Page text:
Job opportunity: OA-ICC Associate Project Officer

Organization: NAEL-Radioecology Laboratory

Primary Location: Monaco-IAEA Environment Laboratories in Monaco

Application Deadline: 14 October 2020

Main Purpose: As a member of a team reporting to the Laboratory Head and Project Manager of the Peaceful Uses Initiative (PUI) project “Ocean Acidification International Coordination Center (OA-ICC)”, the Associate Project Officer (Radioecology Laboratory) provides assistance in project management, reporting and analytical support within the different working areas, with the objective of effective, efficient, and timely implementation of the project.

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Acclimatization drives differences in reef-building coral calcification rates

Coral reefs are susceptible to climate change, anthropogenic influence, and environmental stressors. However, corals in Kāneʻohe Bay, Hawaiʻi have repeatedly shown resilience and acclimatization to anthropogenically-induced rising temperatures and increased frequencies of bleaching events. Variations in coral and algae cover at two sites—just 600 m apart—at Malaukaʻa fringing reef suggest genetic or environmental differences in coral resilience between sites. A reciprocal transplant experiment was conducted to determine if calcification (linear extension and dry skeletal weight) for dominant reef-building species, Montipora capitata and Porites compressa, varied between the two sites and whether or not parent colony or environmental factors were responsible for the differences. Despite the two sites representing distinct environmental conditions with significant differences between temperature, salinity, and aragonite saturation, M. capitata growth rates remained the same between sites and treatments. However, dry skeletal weight increases in P. compressa were significantly different between sites, but not across treatments, with linear mixed effects model results suggesting heterogeneity driven by environmental differences between sites and the parent colonies. These results provide evidence of resilience and acclimatization for M. capitata and P. compressa. Variability of resilience may be driven by local adaptations at a small, reef-level scale for P. compressa in Kāneʻohe Bay.

Continue reading ‘Acclimatization drives differences in reef-building coral calcification rates’

Incorporation of minor and trace elements into cultured brachiopods: implications for proxy application with new insights from a biomineralisation model

Brachiopods present a key fossil group for Phanerozoic palaeo-environmental and palaeo-oceanographical reconstructions, owing to their good preservation and abundance in the geological record. Yet to date, hardly any geochemical proxies have been calibrated in cultured brachiopods and only little is known on the mechanisms that control the incorporation of various key elements into brachiopod calcite. To evaluate the feasibility and robustness of multiple Element/Ca ratios as proxies in brachiopods, specifically Li/Ca, B/Ca, Na/Ca, Mg/Ca, Sr/Ca, Ba/Ca, as well as Li/Mg, we cultured Magellania venosa, Terebratella dorsata and Pajaudina atlantica under controlled experimental settings over a period of more than two years with closely monitored ambient conditions, carbonate system parameters and elemental composition of the culture medium. The experimental setup comprised of two control aquariums (pH0 = 8.0 and 8.15, T = 10 °C) and treatments where pCO2 − pH (pH1 = 7.6 and pH2 = 7.35), temperature (T = 16 °C) and chemical composition of the culture medium were manipulated. Our results indicate that the incorporation of Li and Mg is strongly influenced by temperature, growth effects as well as carbonate chemistry, complicating the use of Li/Ca, Mg/Ca and Li/Mg ratios as straightforward reliable proxies. Boron partitioning varied greatly between the treatments, however without a clear link to carbonate system parameters or other environmental factors. The partitioning of both Ba and Na varied between individuals, but was not systematically affected by changes in the ambient conditions. We highlight Sr as a potential proxy for DIC, based on a positive trend between Sr partitioning and carbonate chemistry in the culture medium. To explain the observed dependency and provide a quantitative framework for exploring elemental variations, we devise the first biomineralisation model for brachiopods, which results in a close agreement between modelled and measured Sr distribution coefficients. We propose that in order to sustain shell growth under increased DIC, a decreased influx of Ca2+ to the calcifying fluid is necessary, driving the preferential substitution of Sr2+ for Ca2+ in the crystal lattice. Finally, we conducted micro-computed tomography analyses of the shells grown in the different experimental treatments. We present pore space – punctae – content quantification that indicates that shells built under increased environmental stress, and in particular elevated temperature, contain relatively more pore space than calcite, suggesting this parameter as a potential novel proxy for physiological stress and even environmental conditions.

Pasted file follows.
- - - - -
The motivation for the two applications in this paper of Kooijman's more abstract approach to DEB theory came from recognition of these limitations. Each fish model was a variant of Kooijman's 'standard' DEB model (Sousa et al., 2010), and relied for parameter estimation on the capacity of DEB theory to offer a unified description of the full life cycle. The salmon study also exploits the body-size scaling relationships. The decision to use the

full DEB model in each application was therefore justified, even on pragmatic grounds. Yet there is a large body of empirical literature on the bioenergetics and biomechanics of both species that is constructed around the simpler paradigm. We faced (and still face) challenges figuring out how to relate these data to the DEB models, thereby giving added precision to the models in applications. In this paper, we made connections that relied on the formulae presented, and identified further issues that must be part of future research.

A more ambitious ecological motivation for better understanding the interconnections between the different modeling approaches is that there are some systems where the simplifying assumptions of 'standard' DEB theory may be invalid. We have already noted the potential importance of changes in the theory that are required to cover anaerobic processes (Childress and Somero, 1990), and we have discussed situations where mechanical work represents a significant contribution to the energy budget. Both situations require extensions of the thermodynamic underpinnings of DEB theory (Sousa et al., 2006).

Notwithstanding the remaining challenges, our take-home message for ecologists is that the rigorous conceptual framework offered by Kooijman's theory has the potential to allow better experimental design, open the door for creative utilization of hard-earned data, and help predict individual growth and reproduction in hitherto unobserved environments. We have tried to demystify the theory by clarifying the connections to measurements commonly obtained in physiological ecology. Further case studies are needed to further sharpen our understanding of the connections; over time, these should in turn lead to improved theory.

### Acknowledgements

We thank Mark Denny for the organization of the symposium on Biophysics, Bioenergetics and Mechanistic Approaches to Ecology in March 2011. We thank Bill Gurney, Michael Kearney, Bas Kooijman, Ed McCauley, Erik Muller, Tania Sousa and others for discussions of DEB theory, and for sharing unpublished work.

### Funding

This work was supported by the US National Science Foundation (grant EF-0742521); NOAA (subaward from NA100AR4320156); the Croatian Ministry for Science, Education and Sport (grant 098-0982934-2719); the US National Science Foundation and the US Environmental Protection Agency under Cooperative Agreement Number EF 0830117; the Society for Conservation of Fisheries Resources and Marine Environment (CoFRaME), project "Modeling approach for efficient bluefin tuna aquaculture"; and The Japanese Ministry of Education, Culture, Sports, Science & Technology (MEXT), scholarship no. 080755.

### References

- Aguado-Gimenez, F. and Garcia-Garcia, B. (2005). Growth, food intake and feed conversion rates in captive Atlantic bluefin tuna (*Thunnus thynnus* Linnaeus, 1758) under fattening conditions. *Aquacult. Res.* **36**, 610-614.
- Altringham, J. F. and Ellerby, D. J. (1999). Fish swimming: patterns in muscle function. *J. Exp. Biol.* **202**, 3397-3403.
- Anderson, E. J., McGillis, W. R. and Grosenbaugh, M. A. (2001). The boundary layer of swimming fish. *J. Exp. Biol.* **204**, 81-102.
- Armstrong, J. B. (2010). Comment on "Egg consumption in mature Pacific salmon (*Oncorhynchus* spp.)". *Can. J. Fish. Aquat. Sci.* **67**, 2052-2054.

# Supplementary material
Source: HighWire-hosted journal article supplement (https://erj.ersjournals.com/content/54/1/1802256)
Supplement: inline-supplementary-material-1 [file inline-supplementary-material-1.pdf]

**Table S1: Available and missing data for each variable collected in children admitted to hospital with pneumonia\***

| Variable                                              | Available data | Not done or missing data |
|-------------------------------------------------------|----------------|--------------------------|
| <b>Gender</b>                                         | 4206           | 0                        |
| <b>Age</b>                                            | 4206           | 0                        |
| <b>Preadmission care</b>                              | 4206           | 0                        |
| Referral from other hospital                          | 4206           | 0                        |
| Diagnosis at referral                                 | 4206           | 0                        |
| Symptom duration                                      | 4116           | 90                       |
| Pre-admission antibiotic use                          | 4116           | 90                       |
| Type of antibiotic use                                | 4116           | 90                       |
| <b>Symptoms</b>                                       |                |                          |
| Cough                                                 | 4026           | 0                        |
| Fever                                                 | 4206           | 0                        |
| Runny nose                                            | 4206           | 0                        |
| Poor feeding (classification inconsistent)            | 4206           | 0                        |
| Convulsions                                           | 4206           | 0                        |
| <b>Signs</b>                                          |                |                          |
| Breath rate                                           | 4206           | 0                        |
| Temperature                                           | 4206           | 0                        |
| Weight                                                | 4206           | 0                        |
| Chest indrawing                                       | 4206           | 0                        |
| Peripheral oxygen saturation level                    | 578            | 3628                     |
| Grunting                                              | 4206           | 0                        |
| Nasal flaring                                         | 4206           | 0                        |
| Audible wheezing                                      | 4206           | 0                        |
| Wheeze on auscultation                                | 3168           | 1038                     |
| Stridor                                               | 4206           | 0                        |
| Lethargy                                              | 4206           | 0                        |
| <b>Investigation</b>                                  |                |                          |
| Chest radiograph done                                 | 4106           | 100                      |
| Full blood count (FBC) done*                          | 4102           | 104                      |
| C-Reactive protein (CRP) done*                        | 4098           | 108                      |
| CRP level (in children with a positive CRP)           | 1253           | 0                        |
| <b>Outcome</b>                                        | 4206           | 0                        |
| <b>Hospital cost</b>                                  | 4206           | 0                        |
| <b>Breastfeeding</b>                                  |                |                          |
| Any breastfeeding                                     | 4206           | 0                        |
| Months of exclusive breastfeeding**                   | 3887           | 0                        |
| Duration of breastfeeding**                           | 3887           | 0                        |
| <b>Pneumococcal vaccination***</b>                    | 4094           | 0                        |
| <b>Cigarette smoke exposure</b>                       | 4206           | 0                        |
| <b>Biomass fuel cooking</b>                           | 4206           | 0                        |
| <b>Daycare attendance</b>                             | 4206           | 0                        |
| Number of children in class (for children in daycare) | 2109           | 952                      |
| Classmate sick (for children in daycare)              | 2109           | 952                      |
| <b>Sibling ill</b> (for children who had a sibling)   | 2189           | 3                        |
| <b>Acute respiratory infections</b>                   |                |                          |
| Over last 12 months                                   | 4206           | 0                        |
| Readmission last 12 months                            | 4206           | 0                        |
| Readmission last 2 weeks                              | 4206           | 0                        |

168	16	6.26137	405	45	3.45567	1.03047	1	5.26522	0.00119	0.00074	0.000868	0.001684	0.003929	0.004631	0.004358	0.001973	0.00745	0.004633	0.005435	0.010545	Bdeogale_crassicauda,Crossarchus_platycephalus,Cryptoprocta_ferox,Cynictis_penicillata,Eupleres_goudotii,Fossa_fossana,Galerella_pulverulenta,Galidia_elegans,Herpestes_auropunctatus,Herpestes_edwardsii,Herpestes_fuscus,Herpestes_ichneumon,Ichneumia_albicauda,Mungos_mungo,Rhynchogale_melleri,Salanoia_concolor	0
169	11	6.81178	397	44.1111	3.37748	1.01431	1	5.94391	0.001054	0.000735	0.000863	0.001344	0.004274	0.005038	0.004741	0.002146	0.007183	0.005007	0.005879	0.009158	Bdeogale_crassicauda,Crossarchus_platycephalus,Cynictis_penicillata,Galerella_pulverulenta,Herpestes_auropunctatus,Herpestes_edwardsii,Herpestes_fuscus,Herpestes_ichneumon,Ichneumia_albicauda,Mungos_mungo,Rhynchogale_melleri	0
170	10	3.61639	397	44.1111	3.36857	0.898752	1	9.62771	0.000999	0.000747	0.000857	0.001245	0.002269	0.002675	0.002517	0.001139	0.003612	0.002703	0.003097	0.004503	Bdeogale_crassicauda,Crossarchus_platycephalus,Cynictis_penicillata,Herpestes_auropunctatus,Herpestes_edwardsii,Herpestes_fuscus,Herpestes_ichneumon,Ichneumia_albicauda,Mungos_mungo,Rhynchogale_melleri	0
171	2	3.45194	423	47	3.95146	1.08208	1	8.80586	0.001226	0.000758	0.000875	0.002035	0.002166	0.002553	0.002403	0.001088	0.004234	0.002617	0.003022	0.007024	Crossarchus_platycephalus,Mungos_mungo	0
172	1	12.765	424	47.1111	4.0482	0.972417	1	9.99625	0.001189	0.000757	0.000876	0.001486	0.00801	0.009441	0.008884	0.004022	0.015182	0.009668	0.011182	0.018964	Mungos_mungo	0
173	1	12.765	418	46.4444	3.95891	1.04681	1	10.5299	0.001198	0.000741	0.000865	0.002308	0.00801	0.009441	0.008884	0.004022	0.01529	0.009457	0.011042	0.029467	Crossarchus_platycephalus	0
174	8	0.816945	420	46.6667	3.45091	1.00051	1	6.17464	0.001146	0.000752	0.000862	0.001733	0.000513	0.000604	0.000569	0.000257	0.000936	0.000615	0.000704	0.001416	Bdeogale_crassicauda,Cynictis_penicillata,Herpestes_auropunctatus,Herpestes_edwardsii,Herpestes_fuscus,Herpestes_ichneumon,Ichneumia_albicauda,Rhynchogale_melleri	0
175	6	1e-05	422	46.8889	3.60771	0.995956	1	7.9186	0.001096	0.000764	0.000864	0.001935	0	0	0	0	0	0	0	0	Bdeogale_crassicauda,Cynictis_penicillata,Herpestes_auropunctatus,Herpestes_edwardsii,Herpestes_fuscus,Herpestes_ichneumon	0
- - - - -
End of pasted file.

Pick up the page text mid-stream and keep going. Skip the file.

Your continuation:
Continue reading ‘Incorporation of minor and trace elements into cultured brachiopods: implications for proxy application with new insights from a biomineralisation model’

Effects of temperature and food concentration on pteropod metabolism along the Western Antarctic Peninsula

Highlights

  • Measured respiration and excretion of the Antarctic pteropod Limacina.
  • Analyzed effects of future temperature and food conditions on pteropod metabolism.
  • Highest metabolism occurred under higher temperatures with less response to food.
  • Metabolic ratios of C, N, and P were all below the canonical Redfield ratio.
  • Pteropod metabolism responsive to ocean change, affecting biogeochemical cycles.

Abstract